- Do I think it is easier to date someone my own age? Yes. Sometimes.
- Can I blame this latest relationship failure on the age difference? Maybe. Only time will tell.
- Will I turn down younger and older men in the future based solely on their birth date? No, as long as I can approach it with an open mind, without expecting disappointing stereotypes I’ve experienced to re-manifest.
In your experience, does age matter?
Purpose driven vs. Pleasure driven: Do life philosophies have to be the same?
I’m sure you’ve figured out by now that I believe we were all put on this earth for a particular purpose and that the fun of life is following the clues to figure it out.
On the other hand, Mr. Energy believes we exist simply to experience all that life has to offer and to have fun (purpose is not required and irrelevant). Work is just a necessity to survive, created by society and government. Freedom and instant gratification are highly valued.
Neither view is right or wrong. I can see his point and even think I could benefit from pairing up with someone like that, to balance me out. However, the motivating forces that drove our actions were coming from completely different places and we didn’t see eye to eye on many things. In the end, it seemed to be a really important difference.
The Party Boy vs. the Good Girl: Does sharing a similar lifestyle matter?
Related to the above, the lifestyle I lead is very straight – drugs have always scared me, partly due to my sometimes lack of self control (fear of addiction) and need to be in control. So I’ve avoided them up until now. I must admit I have felt like a social pariah/alien due to this choice but am trying to embrace it.
HE made me question my beliefs as he passionately advocated on behalf of his choices. Do I believe drugs are not for me because I’ve been taught to think that way? What are my real arguments? I couldn’t come up with many concrete reasons. I’ve just always been this way.
I know plenty of women and men who don’t smoke and marry a smoker, who don’t do drugs and marry someone who does and their relationships work. It doesn’t feel like a lifestyle difference should make or break a couple, although it does come down to what your personal deal breakers are and whether this difference is balanced out by everything else that is “right” in the relationship.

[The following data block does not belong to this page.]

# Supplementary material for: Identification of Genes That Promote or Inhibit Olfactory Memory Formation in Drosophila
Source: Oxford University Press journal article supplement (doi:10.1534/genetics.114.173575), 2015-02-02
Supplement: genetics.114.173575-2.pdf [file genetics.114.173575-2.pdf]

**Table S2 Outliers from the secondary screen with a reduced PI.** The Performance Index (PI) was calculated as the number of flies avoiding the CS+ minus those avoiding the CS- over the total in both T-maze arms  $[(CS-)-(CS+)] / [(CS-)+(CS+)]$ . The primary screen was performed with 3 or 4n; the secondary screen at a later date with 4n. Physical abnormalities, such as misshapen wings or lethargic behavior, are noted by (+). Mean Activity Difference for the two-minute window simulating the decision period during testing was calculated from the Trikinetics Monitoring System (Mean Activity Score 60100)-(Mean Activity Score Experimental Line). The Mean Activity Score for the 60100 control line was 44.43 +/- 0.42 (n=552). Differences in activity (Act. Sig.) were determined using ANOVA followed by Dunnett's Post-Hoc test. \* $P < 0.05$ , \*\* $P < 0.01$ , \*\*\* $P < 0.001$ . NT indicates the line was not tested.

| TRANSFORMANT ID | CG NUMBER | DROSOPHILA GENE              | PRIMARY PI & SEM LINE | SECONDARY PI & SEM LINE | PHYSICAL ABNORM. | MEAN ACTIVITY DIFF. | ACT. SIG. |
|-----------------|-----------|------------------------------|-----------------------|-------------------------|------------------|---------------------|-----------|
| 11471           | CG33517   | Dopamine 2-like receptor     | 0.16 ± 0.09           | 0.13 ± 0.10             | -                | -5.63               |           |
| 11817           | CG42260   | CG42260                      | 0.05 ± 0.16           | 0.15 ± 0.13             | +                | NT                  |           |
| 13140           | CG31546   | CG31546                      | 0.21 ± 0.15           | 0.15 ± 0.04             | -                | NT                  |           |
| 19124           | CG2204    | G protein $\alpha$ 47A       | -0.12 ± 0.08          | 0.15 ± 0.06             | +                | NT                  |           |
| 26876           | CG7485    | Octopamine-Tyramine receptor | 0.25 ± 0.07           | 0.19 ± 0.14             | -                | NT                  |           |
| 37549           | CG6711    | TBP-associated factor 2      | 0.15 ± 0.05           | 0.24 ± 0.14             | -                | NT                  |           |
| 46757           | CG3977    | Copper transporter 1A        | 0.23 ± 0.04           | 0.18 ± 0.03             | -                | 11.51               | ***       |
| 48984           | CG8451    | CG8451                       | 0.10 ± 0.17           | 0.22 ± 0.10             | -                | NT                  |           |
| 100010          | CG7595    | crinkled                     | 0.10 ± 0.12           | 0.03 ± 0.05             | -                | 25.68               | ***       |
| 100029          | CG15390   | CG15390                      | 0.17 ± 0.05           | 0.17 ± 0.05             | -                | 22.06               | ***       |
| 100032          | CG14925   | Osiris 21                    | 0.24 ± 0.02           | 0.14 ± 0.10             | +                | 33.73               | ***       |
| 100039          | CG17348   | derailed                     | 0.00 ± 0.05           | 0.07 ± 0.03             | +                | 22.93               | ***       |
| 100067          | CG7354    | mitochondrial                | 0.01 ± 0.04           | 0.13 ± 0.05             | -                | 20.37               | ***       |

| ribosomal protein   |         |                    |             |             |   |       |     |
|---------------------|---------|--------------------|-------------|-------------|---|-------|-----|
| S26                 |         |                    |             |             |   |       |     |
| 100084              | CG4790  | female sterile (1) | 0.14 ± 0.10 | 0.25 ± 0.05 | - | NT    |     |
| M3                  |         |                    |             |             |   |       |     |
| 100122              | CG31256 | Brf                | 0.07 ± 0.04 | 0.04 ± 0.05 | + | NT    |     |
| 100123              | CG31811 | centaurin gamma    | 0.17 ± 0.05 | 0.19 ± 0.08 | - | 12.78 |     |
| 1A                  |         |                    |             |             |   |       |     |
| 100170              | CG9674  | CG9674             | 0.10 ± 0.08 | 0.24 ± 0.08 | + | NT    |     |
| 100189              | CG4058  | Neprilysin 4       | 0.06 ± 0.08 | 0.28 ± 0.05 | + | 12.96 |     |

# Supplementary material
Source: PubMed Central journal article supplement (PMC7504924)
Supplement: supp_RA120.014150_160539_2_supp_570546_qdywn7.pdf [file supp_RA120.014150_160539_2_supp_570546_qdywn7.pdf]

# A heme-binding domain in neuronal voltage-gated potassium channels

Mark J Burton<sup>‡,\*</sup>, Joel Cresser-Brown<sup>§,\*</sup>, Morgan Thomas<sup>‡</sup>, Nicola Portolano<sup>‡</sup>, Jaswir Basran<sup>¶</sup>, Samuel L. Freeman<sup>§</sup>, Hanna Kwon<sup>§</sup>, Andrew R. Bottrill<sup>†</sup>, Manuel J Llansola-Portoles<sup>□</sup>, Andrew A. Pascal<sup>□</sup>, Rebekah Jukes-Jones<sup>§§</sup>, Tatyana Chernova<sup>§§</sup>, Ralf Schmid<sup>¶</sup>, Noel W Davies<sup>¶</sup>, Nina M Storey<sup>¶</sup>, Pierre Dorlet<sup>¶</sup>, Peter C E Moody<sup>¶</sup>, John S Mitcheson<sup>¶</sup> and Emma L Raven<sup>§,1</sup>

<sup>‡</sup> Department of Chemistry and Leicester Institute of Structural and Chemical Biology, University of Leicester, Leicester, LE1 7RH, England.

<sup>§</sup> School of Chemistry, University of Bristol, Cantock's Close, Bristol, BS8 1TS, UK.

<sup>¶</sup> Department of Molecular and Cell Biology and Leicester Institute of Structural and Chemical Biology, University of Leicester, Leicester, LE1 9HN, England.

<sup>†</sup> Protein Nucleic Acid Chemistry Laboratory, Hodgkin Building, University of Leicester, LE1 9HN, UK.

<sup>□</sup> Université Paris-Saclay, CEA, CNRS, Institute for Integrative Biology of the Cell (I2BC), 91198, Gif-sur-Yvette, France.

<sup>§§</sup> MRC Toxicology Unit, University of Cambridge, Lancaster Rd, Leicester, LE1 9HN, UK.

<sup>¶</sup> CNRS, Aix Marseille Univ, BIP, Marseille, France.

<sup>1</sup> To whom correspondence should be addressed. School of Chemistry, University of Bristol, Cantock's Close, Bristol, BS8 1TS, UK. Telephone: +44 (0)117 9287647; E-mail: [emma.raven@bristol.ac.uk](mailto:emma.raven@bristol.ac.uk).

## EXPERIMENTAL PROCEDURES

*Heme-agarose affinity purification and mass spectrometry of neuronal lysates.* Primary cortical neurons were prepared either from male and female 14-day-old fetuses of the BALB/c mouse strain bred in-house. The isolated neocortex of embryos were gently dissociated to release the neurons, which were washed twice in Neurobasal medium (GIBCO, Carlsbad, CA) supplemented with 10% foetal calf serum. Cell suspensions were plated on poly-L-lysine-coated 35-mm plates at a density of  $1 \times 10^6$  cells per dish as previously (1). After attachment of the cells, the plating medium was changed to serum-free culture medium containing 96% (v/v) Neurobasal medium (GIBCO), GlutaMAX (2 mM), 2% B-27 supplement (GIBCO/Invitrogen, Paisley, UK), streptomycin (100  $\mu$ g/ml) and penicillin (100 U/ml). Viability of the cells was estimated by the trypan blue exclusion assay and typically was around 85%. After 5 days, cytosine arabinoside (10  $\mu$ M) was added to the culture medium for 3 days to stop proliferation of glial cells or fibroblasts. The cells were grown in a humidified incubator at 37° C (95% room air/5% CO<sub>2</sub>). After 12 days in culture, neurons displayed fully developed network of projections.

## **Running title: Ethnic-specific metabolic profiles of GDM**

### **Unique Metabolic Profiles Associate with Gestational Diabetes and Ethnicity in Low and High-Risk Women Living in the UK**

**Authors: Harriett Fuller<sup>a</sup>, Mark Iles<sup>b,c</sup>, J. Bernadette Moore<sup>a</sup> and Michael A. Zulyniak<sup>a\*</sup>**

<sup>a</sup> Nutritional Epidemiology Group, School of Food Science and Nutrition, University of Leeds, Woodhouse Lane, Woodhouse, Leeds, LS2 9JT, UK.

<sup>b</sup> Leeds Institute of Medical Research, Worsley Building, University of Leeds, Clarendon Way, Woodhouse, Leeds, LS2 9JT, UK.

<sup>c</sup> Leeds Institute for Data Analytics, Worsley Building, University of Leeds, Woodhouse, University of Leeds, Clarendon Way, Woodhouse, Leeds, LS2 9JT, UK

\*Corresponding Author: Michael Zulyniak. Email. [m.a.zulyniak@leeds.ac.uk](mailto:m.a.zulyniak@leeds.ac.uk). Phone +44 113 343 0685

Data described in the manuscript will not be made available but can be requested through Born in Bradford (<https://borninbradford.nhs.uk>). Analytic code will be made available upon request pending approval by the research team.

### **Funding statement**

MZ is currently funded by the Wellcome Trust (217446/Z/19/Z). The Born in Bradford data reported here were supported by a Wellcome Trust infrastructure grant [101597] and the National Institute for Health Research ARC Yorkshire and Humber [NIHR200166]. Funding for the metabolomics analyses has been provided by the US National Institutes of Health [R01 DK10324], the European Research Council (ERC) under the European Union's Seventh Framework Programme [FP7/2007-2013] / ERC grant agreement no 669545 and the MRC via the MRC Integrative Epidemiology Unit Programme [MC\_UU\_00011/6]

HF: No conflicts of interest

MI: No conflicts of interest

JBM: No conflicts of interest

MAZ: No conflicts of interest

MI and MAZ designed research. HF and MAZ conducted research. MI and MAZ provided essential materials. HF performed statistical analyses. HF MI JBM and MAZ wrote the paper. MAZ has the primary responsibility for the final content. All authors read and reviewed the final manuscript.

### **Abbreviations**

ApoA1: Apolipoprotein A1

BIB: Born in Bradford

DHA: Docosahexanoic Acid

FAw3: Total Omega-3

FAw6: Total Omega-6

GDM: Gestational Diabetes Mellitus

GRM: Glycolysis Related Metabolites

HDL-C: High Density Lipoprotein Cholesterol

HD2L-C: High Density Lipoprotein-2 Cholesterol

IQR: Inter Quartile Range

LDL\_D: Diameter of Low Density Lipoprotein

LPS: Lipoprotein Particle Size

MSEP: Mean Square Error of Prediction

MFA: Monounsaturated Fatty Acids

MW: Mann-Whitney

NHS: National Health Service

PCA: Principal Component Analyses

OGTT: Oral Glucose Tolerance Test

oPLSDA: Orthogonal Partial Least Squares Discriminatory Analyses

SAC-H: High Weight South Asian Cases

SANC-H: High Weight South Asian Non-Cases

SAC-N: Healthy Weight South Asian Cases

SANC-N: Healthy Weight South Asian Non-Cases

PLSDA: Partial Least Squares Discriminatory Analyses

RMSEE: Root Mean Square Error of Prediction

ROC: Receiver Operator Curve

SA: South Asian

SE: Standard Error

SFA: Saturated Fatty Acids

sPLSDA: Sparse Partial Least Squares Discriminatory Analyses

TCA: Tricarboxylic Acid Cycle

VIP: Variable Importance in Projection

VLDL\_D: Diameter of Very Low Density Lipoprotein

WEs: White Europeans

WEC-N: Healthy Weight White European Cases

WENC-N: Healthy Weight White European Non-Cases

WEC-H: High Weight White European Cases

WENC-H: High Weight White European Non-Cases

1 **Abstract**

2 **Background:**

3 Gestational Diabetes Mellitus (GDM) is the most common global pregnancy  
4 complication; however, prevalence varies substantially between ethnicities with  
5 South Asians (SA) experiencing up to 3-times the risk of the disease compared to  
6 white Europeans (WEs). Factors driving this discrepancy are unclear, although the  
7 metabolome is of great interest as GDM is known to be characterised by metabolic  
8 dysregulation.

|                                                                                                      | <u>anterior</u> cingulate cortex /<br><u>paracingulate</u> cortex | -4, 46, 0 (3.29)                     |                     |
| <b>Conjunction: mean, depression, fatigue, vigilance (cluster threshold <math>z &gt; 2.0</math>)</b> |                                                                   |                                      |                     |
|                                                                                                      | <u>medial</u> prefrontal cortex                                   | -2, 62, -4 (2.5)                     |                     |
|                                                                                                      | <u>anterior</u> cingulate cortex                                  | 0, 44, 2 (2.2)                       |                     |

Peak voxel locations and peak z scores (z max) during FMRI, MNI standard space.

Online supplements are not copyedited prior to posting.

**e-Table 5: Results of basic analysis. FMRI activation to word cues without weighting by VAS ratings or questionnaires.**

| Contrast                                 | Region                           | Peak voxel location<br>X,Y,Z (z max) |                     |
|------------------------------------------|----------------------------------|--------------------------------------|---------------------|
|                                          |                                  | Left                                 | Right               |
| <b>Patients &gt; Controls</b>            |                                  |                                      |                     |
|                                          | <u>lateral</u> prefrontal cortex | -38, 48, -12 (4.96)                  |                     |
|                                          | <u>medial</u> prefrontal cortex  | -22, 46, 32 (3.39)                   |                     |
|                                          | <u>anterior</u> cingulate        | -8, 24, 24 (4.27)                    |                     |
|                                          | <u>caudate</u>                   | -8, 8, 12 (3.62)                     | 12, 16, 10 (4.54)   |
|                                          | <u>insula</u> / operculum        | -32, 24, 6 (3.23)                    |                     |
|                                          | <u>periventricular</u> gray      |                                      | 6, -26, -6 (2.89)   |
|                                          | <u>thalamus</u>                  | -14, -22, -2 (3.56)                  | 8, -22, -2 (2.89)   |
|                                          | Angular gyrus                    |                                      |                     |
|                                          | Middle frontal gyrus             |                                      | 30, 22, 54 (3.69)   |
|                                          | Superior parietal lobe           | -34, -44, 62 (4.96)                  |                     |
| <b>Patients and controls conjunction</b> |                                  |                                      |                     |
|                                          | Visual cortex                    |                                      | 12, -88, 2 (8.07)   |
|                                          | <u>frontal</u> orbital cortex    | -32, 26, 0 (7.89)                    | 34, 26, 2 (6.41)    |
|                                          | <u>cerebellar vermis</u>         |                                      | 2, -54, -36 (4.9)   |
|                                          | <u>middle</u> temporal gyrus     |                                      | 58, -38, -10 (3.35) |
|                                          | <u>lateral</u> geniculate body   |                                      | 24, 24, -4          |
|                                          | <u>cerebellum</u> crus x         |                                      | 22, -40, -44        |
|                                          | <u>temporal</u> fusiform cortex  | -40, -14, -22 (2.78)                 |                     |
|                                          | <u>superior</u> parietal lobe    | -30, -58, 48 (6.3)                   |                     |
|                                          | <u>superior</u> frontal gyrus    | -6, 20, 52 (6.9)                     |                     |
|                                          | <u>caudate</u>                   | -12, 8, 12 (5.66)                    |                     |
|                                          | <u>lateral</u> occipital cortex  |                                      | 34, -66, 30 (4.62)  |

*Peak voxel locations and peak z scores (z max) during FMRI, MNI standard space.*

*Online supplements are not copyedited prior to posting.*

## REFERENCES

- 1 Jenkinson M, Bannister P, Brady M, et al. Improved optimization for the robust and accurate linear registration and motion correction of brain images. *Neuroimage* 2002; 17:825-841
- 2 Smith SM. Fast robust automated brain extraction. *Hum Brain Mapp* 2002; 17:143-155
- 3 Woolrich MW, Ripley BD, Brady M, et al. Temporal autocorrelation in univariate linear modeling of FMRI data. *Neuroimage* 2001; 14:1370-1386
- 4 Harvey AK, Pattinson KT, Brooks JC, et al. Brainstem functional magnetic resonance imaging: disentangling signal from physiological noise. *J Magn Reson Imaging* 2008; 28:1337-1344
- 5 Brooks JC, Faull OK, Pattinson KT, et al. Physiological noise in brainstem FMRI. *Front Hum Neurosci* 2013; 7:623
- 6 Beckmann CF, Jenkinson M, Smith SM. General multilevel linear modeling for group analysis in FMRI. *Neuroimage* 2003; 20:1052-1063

While lifestyle choices seemed to catalyze the demise of Mr. Energy and I, I’m not convinced it was the ultimate nail in the coffin. Regardless, it got me clearer on what I can and cannot accept relating to drug use, much of which is rooted behind the motivation of use and real character traits revealed.
Differences can be great, but which aspects of character, values and lifestyle need to be similar?
In your experience, have lifestyle differences or similarities had any impact?
The Bottom Line:
I tried to be open-minded and flexible with this relationship (tried being the operative word) as I don’t want to be judged for my age, life outlook or lifestyle choices. I felt really guilty feeling as if I couldn’t accept him for who he was. But I also felt like I saw his “underneath”, beyond the age and choices.
For now, I’m going to focus on myself and try to be a stronger happier person, operate more on gut feeling (rather than analytics) and trust that all my flaws and positives will someday be valued and enough.
Not just enough, but completely right. And that we will both JUST KNOW.
Never forget dear reader that you are worthy. We all have flaws but you deserve a genuine connection so hold out for it. Not all of us meet our ever-lasting love by age 25.
Stay tuned for a quick and dirty list of 11+ things I learned from this break up (yes there is more to say!) and please leave your thoughts on this topic in the comments!